By the way, I just put together a new web page on matting and framing over the weekend, it can be found here:
http://www.magazines.things-and-other-stuff.com/framing-burr-mcinto...

Thanks, Cliff
If I do frame the ads, how do you recommend I should keep them in good condition? Should I just frame there or is there any type of procedure to do?
Stephanie, if you're going to matte and frame them that guide I posted shows exactly how I'm doing it. All those materials are archival as well, so they will keep over time. If you frame them without matting, the pages may sag and wrinkle inside the frame, as the paper stock is quite thin.

Thanks,Cliff
Hi Stephanie. First when you say BUNCH [HOW many do you have ??? ], you should also consider possibly selling the entire group. depending on the size. I my self am just considering framing SOME of the many magazine pages/ ads which i have in the collections i RESELL..
some folks buy the magazines for their collection - some are interested in just the ads

but those that buy magazines are looking for those that are intact - and in fairly good shape, so I would separate the magazines into two piles: those that are in good shape, and those that aren't

for the intact magazines, list them as whole - you can always split up the magazine later, if it doesn't sell - just don't remove the address labels - let the seller know that they are there, of course, but suggest the seller remove them.
also - puhlease - don't put price labels directly on the magazines (or anything of paper, books included) - original address labels are one thing - sticky price tags are another - ugh!

for the not-so-intact magazines : ) - I'd suggest to sell the ads AND articles AND covers (if the covers are in good shape - even if the address label is on them) - just make sure you have a way to track their provenance - most avid sellers want to know where the ad/article/cover came from for their records - you can either place each ad / article in it's own acid-free archival sleeve, then note the magazine/date/issue on the side margin of the sleeve (don't write the info on the sleeve over the ad/article -- the pressure from the pen will transfer to the paper)
- or -
you can keep the magazine together in an acid-free sleeve and sell the items as you go - that way, you can more easily track what issue you got the ad/article from and not have to buy a mazillion sleeves for each and every ad/article

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While you're waiting for the buyer to come along - for storing them:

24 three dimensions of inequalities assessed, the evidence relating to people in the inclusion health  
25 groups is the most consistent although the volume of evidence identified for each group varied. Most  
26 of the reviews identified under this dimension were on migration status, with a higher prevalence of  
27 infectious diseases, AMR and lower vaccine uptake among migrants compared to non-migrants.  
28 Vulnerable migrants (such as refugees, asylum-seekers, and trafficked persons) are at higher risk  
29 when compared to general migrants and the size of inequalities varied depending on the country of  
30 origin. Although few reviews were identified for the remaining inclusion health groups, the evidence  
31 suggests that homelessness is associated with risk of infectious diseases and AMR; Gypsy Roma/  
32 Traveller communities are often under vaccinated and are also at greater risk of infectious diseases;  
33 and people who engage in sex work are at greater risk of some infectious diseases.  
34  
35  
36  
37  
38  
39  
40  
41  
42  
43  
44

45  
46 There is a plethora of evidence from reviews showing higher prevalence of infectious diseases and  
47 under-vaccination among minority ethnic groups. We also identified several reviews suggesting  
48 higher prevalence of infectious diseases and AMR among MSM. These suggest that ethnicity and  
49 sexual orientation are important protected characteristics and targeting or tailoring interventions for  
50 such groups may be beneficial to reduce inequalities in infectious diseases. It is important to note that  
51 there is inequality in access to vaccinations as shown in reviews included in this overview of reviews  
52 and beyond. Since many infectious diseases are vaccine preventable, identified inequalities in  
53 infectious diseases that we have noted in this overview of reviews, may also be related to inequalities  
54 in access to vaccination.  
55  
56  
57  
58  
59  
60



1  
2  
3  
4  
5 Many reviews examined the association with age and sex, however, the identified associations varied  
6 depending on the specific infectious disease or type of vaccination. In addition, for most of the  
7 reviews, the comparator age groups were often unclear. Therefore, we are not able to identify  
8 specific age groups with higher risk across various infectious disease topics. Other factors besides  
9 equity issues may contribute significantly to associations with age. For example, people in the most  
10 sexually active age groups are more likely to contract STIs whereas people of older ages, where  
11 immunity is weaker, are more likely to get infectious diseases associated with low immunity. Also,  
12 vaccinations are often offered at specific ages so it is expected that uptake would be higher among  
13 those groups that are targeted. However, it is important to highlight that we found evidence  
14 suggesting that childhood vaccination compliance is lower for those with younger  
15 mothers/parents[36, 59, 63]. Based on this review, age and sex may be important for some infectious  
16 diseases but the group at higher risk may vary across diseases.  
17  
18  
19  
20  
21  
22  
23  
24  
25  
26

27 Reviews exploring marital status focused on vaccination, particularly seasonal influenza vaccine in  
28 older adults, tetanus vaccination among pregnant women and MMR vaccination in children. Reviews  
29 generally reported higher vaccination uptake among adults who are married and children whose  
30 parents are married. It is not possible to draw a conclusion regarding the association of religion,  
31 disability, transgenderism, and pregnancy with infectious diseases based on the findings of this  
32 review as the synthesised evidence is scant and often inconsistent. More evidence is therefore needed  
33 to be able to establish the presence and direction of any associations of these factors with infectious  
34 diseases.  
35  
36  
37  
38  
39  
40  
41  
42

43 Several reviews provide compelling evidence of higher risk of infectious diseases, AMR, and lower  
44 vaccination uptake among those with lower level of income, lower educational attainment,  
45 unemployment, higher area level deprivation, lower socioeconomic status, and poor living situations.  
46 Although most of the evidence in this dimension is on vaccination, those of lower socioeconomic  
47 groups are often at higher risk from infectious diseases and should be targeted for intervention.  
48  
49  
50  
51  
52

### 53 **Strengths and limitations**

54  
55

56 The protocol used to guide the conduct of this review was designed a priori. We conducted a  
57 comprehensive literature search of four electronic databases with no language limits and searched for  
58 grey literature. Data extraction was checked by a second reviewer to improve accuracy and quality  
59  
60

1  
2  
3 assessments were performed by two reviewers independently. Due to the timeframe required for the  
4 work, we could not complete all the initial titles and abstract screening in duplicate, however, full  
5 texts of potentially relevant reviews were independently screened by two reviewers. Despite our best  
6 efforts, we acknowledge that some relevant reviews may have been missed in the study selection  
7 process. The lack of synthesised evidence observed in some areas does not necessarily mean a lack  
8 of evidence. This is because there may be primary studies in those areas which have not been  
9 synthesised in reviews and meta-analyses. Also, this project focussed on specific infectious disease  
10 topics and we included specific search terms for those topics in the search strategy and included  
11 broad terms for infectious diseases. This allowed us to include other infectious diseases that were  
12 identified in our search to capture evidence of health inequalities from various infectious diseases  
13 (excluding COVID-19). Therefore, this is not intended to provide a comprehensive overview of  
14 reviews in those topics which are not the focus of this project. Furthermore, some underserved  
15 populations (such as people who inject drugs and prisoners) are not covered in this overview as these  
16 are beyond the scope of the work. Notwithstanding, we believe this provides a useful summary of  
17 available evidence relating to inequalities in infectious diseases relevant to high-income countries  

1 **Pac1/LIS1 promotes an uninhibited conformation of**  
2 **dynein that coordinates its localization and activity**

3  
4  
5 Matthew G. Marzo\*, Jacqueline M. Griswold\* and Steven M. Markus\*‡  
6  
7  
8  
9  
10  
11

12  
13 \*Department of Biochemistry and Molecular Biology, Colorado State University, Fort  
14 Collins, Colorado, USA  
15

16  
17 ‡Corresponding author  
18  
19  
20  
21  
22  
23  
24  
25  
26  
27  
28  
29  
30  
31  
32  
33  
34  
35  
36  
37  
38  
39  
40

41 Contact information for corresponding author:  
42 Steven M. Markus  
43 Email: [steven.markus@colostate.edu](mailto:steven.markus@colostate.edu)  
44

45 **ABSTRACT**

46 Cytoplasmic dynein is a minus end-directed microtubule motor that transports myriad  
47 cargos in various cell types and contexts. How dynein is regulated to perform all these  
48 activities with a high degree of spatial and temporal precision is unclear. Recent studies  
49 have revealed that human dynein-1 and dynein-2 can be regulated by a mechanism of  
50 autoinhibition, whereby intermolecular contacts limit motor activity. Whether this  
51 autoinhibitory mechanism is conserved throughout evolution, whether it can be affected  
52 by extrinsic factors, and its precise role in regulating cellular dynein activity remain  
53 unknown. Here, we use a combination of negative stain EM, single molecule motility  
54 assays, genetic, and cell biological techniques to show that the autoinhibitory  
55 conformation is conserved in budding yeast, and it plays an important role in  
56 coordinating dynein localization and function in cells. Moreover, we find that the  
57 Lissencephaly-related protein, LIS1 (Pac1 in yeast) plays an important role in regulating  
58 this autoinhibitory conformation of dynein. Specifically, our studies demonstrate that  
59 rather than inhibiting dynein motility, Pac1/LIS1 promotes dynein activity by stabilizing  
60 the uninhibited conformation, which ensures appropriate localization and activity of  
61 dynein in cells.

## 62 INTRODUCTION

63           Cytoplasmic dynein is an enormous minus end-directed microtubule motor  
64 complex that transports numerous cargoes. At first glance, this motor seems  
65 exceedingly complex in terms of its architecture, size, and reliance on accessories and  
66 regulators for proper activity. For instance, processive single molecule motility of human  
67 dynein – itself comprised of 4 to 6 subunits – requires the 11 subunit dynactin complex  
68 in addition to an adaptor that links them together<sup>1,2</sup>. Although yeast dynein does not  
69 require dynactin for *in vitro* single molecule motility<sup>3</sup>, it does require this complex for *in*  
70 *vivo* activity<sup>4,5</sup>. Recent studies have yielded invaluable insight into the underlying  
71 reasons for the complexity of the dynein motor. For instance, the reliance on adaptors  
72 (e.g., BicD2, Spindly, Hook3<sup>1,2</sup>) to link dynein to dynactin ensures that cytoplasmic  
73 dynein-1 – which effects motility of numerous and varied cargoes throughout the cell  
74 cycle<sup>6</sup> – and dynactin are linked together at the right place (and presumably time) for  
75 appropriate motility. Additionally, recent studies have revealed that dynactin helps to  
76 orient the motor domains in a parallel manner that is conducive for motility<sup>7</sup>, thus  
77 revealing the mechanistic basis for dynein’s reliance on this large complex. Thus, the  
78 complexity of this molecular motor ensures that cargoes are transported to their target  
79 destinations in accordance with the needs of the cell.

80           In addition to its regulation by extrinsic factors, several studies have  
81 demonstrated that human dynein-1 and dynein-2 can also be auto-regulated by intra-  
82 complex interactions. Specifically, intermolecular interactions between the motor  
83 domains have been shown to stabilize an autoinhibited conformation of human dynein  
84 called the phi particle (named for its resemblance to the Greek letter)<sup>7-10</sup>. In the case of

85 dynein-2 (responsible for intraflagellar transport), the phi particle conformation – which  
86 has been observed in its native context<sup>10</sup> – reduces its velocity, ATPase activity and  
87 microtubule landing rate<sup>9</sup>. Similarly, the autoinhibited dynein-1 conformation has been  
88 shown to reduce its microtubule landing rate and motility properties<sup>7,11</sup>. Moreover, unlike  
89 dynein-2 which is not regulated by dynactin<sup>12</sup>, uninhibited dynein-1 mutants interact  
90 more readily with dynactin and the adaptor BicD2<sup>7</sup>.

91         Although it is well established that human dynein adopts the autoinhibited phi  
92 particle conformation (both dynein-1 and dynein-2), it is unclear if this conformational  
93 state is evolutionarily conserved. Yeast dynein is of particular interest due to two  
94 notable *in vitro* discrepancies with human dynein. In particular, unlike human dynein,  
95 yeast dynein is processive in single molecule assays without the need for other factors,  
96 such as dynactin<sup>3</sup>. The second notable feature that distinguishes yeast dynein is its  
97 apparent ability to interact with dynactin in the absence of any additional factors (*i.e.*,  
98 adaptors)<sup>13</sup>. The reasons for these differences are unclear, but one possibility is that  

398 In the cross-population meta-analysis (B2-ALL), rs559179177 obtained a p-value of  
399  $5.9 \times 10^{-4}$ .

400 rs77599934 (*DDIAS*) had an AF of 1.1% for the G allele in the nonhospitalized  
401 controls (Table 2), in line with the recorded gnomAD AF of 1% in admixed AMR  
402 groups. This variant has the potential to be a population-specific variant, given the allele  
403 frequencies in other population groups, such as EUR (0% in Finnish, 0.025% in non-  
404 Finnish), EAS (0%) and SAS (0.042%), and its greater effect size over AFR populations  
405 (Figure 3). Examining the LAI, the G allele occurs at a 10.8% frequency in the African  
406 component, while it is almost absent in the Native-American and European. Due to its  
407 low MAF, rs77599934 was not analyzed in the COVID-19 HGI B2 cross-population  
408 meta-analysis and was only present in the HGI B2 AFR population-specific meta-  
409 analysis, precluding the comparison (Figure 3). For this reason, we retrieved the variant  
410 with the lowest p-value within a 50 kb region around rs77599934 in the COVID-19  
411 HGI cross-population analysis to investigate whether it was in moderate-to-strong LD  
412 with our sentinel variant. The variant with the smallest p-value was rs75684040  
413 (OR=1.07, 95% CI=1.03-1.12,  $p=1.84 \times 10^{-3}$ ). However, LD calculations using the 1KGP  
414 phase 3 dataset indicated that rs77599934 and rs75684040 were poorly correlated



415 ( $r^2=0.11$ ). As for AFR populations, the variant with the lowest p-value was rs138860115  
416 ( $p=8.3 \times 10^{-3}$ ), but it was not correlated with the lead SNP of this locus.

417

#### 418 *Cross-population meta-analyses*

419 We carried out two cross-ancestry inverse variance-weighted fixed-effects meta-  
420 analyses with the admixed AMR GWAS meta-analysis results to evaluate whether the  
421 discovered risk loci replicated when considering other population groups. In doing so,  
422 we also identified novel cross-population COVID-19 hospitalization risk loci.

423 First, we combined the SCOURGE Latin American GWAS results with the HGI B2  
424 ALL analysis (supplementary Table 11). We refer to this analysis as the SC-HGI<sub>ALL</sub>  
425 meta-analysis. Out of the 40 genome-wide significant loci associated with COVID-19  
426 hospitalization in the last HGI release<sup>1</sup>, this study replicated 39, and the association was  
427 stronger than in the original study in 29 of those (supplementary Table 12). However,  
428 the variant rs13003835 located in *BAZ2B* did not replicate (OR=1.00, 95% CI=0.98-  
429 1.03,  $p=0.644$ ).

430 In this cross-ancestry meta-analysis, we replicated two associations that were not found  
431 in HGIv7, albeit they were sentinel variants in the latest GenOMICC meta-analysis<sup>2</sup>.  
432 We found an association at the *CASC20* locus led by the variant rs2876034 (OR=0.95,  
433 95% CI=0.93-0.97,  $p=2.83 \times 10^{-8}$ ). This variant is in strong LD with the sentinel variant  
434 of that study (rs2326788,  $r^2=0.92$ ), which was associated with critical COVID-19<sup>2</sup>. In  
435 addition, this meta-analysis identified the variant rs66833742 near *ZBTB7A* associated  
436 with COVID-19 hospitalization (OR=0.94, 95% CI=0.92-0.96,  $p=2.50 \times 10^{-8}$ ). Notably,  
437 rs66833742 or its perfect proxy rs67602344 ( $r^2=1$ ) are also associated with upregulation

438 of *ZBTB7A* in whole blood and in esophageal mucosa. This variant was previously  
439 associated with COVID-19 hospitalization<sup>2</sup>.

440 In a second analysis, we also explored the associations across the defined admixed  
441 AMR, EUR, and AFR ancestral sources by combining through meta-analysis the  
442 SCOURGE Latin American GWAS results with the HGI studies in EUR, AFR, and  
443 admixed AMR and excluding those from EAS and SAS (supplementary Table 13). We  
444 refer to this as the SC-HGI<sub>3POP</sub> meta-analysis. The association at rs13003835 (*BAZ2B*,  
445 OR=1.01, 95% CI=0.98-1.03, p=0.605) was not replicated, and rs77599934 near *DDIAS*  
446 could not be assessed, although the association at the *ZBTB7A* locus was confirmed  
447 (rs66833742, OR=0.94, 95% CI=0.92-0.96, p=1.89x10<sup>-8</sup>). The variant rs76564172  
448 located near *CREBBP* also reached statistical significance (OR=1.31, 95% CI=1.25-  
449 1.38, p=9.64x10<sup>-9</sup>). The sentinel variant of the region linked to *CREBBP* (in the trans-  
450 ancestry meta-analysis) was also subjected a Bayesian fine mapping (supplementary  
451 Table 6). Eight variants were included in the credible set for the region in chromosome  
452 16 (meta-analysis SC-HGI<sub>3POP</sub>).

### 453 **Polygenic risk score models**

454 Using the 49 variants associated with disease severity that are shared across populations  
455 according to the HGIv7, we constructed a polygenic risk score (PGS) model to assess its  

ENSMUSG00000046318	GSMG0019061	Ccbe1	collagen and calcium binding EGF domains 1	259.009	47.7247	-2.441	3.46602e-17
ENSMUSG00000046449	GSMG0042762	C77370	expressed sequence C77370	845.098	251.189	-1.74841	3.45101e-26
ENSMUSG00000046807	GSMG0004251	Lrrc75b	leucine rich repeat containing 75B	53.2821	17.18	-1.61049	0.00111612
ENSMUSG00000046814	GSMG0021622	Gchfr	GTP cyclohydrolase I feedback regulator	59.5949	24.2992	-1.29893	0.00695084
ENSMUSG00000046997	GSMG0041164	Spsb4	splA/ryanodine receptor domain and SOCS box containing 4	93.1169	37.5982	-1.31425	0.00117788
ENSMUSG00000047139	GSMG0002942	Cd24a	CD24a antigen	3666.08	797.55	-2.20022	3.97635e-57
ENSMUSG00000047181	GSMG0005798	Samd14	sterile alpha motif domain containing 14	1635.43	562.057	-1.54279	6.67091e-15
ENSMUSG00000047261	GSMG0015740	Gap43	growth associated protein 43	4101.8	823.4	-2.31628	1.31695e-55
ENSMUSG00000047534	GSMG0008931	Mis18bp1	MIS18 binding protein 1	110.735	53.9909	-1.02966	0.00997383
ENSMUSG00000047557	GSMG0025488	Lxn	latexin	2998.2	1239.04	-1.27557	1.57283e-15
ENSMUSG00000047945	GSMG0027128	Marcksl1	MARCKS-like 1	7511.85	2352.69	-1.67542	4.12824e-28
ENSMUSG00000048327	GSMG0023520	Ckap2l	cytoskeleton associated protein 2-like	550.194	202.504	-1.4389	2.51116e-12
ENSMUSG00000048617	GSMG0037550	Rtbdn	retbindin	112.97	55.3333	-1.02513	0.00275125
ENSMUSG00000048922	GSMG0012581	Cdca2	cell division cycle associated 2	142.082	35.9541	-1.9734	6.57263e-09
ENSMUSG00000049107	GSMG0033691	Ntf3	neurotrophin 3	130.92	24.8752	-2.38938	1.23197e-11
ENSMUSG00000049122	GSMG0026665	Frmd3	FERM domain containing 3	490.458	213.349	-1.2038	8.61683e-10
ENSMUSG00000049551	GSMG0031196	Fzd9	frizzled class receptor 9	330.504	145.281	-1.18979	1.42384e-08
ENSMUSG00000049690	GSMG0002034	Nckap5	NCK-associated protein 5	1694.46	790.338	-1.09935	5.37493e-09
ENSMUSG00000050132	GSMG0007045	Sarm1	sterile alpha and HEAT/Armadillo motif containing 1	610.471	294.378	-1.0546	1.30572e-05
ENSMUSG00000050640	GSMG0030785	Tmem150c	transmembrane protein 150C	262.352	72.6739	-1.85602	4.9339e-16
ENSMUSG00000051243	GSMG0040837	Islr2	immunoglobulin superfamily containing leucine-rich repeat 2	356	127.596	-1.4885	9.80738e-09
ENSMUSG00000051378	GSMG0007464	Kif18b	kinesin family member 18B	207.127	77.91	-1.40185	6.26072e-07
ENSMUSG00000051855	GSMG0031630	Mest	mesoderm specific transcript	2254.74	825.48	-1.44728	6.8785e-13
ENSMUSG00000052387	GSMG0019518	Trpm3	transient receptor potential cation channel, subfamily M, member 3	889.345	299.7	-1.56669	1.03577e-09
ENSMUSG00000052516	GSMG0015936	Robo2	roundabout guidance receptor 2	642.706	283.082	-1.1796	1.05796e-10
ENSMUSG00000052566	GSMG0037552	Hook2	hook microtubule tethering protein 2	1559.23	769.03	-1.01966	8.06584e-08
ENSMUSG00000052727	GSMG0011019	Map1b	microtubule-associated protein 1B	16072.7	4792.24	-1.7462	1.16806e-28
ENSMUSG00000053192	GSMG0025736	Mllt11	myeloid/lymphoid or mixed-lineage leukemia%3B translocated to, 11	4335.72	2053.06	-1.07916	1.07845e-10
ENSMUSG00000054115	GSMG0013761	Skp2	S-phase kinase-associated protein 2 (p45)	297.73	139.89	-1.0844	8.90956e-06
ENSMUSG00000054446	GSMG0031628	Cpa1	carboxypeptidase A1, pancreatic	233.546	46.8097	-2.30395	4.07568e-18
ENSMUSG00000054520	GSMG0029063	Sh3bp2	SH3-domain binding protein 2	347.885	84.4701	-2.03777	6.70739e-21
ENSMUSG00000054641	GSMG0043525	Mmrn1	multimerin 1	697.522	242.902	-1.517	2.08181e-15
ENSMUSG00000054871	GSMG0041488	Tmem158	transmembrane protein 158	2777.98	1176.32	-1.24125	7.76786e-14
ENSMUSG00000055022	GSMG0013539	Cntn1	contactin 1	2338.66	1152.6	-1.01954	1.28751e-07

- acid-free boxes are the preferred storage container - but if you don't have those at the ready (or if $ is tight) you can put them in regular boxes, but line them first with acid free paper (just remember to budget those acid-free boxes as soon as you can and transfer the magazines as soon as possible)
- plastic boxes are a good container, but keep in mind - they do give off gases (albeit, very slowly) - and they can be pricey, especially when you need the larger sizes - and watch the temp/humidity level - plastic, if it goes from cold to hot to cold can "sweat" and ruin the paper
- metal shelves can be used - just place the magazines on them, but then you have the dust etc getting to the magazines - and metal shelves are prone to rust
- optimum container for paper, IMO is glass - the only thing that doesn't affect paper. However, I've yet to see a glass container / box - lol

- keep any paper items in a fairly cool place - the attic is NOT a good place (but you knew that : ) - ideally 50 degrees is best, but not many of us have that option - just make sure the storage room doesn't get overly hot or overly cold.
- keep paper items away from smoke and food odors - paper picks up the odors
- don't eat / drink in the storage area - not only will it attract vermin and bug critters, the potential for mishaps is high - best to be safe
- archival experts also suggest wearing cotton gloves when working with paper items - oils from the hands can transfer to the paper - however - I would guess that most of us just don't bother ... : ) - just keep the hands clean - no eating a pizza at the same time you're archiving the magazines ... : )
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I'm a magazine collector - currently have about 1/2 of all the Life issues - have to get my inventory updated, so that I know what I need from your stash ...

~ Gail